The bad side of news photography as a freelance (con’t)
On the way back home to Hout Bay, Cape Town after a short outing I was informed of the terrible tragedy that had befallen those on the catamaran, Miroshga near Duiker Island.
It had already been several hours since the event and the first set of survivors had been brought to shore and the NSRI (National Sea Rescue Institute) were busy in attempting to rescue a second set of survivors from the overturned vessel.
A broken engine had left the catamaran stranded and the boat had then capsized in the high winds and choppy waters. Of the 33 or 34 tourists on board, 1 was later confirmed dead and several seriously injured. Many of the passengers had had to wait hours underneath the overturned catamaran surviving on small pockets of air until the NSRI had been able to reach the boat. Several poachers (of perleman and crayfish) had gotten to the site earlier and had made brave attempts to rescue as many of the passengers as they could.
After assessing the situation I realised this would be an international story of sorts and had to go down to the harbour where the passengers of the Miroshga were being brought in.
The first sign that things for the media were amiss was when I got down there and spoke to several news people from local and international outlets. They had not been briefed and were already annoyed at the lack of access and the way the police was treating them. We found ourselves being mishandled, told to always move away and were kept as far away from the survivors and the rescue operation coming in as possible.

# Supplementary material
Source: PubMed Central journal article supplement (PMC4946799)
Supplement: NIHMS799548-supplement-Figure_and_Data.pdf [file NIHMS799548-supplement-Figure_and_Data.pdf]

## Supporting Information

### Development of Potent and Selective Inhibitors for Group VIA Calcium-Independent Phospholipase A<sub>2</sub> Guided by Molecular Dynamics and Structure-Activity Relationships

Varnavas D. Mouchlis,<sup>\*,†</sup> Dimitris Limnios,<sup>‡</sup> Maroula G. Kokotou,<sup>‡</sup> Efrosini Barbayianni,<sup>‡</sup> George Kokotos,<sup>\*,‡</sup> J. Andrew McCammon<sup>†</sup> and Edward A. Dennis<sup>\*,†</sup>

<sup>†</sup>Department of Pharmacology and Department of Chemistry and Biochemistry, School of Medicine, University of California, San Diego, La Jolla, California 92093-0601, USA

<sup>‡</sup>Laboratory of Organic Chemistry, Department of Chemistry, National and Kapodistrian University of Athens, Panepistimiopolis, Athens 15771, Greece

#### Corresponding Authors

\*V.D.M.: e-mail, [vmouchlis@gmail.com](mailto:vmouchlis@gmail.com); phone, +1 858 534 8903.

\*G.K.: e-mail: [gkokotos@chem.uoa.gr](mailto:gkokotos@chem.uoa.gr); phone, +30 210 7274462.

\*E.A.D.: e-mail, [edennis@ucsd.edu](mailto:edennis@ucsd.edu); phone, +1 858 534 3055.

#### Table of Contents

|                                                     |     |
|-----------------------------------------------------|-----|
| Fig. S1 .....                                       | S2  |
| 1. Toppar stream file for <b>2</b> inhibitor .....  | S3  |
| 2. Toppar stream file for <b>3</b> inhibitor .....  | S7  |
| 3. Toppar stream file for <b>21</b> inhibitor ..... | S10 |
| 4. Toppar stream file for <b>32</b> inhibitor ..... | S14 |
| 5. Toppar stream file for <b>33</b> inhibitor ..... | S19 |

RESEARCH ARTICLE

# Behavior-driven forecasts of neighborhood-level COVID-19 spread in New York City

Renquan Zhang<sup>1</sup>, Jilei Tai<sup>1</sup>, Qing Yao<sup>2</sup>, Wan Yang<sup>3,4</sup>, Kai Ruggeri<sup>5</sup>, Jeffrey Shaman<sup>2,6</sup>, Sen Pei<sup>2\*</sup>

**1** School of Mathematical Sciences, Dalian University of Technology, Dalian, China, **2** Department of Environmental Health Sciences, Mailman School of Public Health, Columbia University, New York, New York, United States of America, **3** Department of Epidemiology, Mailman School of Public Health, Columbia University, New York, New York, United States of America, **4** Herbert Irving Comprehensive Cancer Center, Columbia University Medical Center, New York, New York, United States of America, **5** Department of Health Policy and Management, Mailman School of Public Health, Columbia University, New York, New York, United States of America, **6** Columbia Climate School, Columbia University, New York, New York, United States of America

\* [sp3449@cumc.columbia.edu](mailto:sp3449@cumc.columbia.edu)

Apart from protecting the identity the deceased survivor until next of kin had been informed and on a larger scale minimising any PR damage for the Cape Town tourist industry – whatever the good intentions, being mishandled in such a manner was both demeaning and was a general affront to the press and the work they do. We could just as easily have been briefed on the do’s and dont’s and would have respected any reasonable guidelines given.
A fellow photographer working with the local newspapers aptly said after an argument with a policeman that the next time they wanted to feed a ‘feel-good’ story to the press, they wouldn’t oblige them.
I have already blogged about the professional value as a freelance of working as a news photographer. Here though was the other side of the coin I also dislike – the photos themselves are restrictive in terms of quality and what you can achieve but also in many events now in news photography, everything is carefully staged and choreographed on the whole. You will find the most media savvy people in even the remotest parts of Africa keen to try and control access. Not only is it necessary to use your best skills in a limited setting to convey whatever you are photographing (for little reward as a freelance as I have written in past blogs) but increasingly you must also at the same time navigate a mountain of control and access issues of what pics can and can’t be taken.
Over the years, I have learnt to gently push in such situations to get the pics that are required – but given that my pics – however good (and they def weren’t in this case) – would not have received any interest from media outlets (who as I have said before would go to Reuters, AFP and AP for such pics whose staff photogs and cameramen were already on the scene at the Harbour) I decided after a couple of hours and a few weak pics to go home and continue with my relaxing Saturday.
This event was even more confirmation for me that moving away from this type of photography was a good and positive move for me both professionally and personally.